SEM was used to study the morphology of membrane cross-sections (Figure 3). The cross-section of unmodified P84 membrane (Figure 3a) is homogenous and uniform. The structure of the hybrid P84/ND membrane is more complicated. The fracture lines can be observed across the entire micrograph with the inclusion of ND in P84 matrix. This observation would typically be an indication of reduced flexibility in the membrane. This fact can probably be explained by the aggregation of macromolecules and the formation of a denser structure of the P84/ND membrane. The inclusion of ND leads to less flexibility in the hybrid membrane. However, the absence of visible defects in the P84/ND cross-section indicates the good compatibility of the nanoparticles with P84 and the stability of the hybrid membrane [25].

3.2. Physical Properties

Table 2 lists some physical properties of the membranes under study: water contact angle, density, fractional free volume (FFV) and glass transition temperature (Tg). The water contact angle on the surface of P84/ND membrane is decreased compared to the P84 membrane; this points to the moderate hydrophilization of the membrane surface due to modification with nanoparticles.
According to Table 2, the membrane density increases when the ND particles are incorporated into the polymer matrix. Fractional free volume of P84/ND membrane is decreased compared with the pure P84. These facts indicate that the membrane structure becomes more compact after inclusion of the nanomodifier into the polymer matrix. Only a very weak increase of Tg value is registered as a result of the inclusion of ND into P84 matrix.

3.3. Transport Properties

The selective separation of H2/CH4 and H2/CO2 is an important task due to the promising role of hydrogen as an energy source. The CO2/CH4 separation is an urgent problem, since the CO2 presence obstructs the development of oil and gas fields. Thus, industrial problems promote research on the transport properties of P84 and P84/ND membranes for the following gases: H2, CO2, and CH4. Table 3 lists gas permeability and ideal selectivity in the separation of the industrially significant gas pairs. It was found that the gas permeability coefficients of the P84/ND membrane are lower than those of pure P84. This fact is determined by the decreasing FFV values of membrane after inclusion of ND modifier (Table 2), because the permeability depends directly on the FFV value of the membrane [1].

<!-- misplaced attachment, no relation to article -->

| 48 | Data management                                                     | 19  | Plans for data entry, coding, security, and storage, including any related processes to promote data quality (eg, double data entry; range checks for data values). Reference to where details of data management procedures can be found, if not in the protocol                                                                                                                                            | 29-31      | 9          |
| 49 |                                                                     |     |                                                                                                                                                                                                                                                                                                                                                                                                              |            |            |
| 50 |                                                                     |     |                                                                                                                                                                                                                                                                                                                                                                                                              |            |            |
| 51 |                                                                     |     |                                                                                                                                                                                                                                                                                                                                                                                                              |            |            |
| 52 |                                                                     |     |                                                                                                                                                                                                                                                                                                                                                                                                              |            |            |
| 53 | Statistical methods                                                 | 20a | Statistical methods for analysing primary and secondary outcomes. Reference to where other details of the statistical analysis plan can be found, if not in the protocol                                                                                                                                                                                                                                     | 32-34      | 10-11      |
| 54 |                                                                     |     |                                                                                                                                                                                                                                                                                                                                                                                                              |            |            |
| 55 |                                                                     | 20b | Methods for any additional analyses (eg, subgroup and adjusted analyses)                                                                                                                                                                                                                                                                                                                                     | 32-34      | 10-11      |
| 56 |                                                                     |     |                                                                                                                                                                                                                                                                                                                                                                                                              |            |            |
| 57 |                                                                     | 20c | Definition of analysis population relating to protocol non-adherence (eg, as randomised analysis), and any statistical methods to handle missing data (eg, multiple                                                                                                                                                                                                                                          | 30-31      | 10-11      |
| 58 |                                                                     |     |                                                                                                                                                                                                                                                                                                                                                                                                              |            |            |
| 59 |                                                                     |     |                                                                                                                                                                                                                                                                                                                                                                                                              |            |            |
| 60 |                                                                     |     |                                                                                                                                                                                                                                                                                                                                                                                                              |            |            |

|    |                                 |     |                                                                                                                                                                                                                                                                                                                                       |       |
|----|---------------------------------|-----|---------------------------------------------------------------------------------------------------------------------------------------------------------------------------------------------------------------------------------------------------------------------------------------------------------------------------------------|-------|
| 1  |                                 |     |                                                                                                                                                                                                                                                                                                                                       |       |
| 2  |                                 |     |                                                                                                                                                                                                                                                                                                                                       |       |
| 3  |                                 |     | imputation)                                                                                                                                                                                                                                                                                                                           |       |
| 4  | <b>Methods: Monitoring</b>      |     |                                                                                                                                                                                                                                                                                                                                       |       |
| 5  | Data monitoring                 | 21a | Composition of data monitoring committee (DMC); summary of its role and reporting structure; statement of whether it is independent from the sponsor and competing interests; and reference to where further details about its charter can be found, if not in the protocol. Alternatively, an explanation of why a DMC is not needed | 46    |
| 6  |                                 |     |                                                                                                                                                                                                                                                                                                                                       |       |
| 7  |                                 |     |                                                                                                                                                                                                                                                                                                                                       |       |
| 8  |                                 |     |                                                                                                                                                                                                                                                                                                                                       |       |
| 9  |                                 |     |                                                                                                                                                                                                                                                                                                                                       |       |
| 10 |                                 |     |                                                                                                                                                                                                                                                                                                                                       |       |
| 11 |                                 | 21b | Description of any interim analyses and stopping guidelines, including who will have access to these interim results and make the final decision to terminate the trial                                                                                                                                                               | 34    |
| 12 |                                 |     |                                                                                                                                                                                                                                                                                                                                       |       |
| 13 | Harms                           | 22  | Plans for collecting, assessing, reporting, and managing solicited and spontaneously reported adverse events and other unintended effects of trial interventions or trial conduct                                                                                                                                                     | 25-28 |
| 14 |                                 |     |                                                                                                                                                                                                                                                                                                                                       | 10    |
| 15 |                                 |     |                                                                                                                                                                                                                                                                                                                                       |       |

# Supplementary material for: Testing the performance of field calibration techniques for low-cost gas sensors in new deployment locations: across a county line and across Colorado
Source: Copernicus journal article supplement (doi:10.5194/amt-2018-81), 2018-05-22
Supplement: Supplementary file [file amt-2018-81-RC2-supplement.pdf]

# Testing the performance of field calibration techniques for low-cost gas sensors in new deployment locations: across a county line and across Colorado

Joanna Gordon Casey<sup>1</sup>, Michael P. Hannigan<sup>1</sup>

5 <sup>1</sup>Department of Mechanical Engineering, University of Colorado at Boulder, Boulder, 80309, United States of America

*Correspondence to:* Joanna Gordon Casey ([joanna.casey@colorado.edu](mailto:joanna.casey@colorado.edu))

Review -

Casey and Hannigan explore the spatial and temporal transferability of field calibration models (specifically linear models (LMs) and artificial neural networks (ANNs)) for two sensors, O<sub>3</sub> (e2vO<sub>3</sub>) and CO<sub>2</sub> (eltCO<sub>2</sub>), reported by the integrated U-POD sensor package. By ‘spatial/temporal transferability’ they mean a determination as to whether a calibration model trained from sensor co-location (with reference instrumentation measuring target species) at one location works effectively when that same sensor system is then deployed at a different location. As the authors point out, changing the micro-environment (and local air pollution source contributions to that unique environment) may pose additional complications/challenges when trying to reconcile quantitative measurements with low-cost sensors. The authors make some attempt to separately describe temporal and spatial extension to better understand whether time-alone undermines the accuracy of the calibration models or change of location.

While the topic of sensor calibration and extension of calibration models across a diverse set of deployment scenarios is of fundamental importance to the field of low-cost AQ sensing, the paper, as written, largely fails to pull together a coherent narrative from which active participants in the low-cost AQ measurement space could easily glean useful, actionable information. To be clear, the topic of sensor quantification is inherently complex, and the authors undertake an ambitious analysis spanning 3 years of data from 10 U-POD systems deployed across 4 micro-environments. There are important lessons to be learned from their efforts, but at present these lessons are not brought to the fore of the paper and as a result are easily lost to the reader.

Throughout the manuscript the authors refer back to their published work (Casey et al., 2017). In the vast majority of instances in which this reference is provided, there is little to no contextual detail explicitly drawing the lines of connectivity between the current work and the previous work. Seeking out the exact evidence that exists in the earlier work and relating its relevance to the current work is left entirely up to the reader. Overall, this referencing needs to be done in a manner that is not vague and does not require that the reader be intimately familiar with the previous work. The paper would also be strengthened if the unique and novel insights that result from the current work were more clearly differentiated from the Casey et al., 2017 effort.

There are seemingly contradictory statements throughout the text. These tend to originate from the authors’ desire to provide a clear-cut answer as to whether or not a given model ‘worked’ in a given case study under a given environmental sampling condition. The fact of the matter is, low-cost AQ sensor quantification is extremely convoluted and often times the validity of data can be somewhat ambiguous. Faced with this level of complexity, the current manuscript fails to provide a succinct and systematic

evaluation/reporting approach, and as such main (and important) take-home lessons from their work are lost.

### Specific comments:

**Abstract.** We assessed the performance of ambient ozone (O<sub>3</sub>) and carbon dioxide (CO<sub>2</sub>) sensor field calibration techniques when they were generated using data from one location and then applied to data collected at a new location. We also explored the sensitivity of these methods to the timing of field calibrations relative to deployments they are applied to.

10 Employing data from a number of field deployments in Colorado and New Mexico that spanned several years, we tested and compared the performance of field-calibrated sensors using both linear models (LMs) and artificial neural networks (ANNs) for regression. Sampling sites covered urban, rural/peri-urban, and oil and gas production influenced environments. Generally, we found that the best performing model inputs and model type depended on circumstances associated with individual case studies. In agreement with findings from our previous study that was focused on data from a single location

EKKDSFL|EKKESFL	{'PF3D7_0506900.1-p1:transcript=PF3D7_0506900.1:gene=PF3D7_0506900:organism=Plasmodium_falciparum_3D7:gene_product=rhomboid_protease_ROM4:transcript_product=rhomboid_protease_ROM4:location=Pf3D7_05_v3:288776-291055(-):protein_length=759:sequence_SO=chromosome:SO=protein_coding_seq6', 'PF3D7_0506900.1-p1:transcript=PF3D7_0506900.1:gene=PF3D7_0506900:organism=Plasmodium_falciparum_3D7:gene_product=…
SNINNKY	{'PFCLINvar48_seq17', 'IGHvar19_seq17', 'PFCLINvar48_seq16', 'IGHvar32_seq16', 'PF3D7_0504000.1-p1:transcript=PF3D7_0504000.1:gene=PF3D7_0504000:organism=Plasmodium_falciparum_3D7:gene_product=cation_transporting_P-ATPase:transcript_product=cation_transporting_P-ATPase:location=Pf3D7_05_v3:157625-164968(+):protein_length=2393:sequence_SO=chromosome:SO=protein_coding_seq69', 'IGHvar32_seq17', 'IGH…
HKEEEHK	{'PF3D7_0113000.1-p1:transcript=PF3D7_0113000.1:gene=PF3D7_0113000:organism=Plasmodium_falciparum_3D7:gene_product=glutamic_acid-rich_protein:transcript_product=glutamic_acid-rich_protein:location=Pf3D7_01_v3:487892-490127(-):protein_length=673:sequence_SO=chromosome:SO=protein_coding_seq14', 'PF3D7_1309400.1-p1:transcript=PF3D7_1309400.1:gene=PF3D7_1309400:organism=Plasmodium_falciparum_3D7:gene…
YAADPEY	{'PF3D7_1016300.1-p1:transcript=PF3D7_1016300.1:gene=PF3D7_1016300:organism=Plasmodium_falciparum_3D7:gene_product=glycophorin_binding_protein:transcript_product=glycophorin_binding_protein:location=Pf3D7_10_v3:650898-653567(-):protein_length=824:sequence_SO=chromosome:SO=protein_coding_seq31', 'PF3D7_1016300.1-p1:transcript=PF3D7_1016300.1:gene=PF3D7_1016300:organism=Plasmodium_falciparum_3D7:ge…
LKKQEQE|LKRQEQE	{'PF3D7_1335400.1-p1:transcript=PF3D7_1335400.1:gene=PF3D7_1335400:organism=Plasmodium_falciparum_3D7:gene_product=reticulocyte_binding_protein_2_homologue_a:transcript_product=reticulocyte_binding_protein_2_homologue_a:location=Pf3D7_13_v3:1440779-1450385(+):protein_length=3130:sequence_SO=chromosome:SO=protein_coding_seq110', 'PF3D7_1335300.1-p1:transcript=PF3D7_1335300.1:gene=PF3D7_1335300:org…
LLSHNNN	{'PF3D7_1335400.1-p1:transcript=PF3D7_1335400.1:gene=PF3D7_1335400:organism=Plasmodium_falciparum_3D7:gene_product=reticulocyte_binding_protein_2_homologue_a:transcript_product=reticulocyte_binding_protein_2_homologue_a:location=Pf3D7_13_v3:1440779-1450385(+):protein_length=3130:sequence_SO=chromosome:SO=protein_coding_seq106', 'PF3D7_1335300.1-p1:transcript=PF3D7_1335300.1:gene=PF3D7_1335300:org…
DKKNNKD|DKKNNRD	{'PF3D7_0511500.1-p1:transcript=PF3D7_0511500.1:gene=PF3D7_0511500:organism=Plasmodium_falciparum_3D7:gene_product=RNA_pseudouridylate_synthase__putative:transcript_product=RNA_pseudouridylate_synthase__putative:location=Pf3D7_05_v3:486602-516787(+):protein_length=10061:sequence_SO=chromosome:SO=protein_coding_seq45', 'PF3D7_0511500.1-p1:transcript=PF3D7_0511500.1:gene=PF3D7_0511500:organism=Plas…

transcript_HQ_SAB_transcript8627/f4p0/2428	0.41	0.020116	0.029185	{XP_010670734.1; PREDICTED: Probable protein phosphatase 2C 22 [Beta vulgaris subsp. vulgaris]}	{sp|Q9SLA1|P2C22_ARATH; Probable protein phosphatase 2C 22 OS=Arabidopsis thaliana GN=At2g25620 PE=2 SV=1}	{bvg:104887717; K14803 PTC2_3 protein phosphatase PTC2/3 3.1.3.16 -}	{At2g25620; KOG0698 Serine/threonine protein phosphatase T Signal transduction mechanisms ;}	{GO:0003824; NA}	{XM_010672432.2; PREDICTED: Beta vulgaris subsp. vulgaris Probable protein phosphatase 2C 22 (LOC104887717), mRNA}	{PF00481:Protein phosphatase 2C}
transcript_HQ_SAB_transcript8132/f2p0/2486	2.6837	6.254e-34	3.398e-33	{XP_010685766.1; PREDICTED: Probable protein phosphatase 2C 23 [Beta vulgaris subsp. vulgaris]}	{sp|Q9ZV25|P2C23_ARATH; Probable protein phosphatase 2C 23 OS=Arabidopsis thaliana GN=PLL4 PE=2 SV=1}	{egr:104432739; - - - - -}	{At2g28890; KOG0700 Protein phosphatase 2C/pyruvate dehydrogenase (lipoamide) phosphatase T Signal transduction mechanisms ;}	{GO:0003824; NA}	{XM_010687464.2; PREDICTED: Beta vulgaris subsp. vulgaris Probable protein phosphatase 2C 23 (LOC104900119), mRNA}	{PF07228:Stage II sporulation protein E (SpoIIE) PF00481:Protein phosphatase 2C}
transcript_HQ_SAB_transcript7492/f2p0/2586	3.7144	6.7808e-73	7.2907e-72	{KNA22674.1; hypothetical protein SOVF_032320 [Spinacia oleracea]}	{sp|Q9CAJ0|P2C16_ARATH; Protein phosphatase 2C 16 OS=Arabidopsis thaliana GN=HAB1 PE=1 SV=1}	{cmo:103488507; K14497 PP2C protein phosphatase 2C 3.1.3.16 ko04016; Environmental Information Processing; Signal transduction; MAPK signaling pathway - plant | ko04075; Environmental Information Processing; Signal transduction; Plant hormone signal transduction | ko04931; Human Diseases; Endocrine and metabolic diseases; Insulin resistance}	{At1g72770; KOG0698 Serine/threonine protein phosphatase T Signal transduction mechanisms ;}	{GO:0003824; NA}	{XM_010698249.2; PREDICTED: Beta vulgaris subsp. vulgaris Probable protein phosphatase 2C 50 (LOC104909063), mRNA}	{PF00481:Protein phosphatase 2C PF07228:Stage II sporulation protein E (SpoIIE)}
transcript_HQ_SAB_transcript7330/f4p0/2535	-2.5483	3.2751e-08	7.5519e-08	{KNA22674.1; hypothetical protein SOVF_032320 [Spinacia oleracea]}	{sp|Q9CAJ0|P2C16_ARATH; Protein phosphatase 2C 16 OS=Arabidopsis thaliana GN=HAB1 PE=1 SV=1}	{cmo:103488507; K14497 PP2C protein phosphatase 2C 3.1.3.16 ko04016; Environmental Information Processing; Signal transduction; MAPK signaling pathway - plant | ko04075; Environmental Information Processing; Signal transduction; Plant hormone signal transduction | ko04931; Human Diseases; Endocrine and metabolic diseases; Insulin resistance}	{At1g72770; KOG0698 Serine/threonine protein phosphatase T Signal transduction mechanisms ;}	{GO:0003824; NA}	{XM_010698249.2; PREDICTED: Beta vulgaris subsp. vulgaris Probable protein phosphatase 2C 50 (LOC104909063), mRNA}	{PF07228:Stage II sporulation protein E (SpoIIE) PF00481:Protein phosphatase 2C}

Particular attention was paid to the ideal selectivity in the separation of three gas pairs: H2/CO2, H2/CH4, and CO2/CH4. Our glassy polymer membranes were selectively permeable to H2, which can be explained by the diffusion selectivity due to the smaller size of H2 molecules. In the case of the CO2/CH4 pair, both diffusion and sorption factors facilitate CO2 selective permeability. Table 3 shows that values of the ideal selectivity of the P84/ND membrane are greater than those of pure P84 for all gas pairs. ND filler containing amino groups improves the interaction of the polymer matrix and the dispersed phase; this may lead to the rigid structure at the interface, which decreases the gas permeability but increases H2/CO2, H2/CH4, and CO2/CH4 ideal selectivity.
To study the influence of the composition and structure changes in membranes based on P84 copolyimide on gas transport properties, analysis of diffusion and solubility coefficients is required, because they are components of the permeability coefficient according to Equation (6). Data on diffusion and solubility coefficients are presented in Table 4.
With an increase of the gas molecule size (Table 1) the diffusion coefficients decrease. This is also reflected to the lowering of the gas permeability (Table 3). The decrease in both diffusion and sorption coefficients with the introduction of ND is probably connected with the strong interaction between nanoparticles and P84 and the formation of a denser structure around the modifiers. This fact will be discussed in more detail below
Correlation analysis of the membrane transport parameters was carried out using the Teplyakov technique [42]. The first correlation for the polymer–gas system is the dependence of the gas diffusion coefficient on the effective diameter of gas molecules. Figure 4 shows this dependence in the logarithmic coordinates lgD = f (d2) for both membranes. The diffusion coefficients follow a linear correlation with gas molecule diameters, and there is no discernible difference between the trends for P84 and P84/ND membranes. This indicates that the diffusion during gas separation occurs mainly due to elements of the free volume.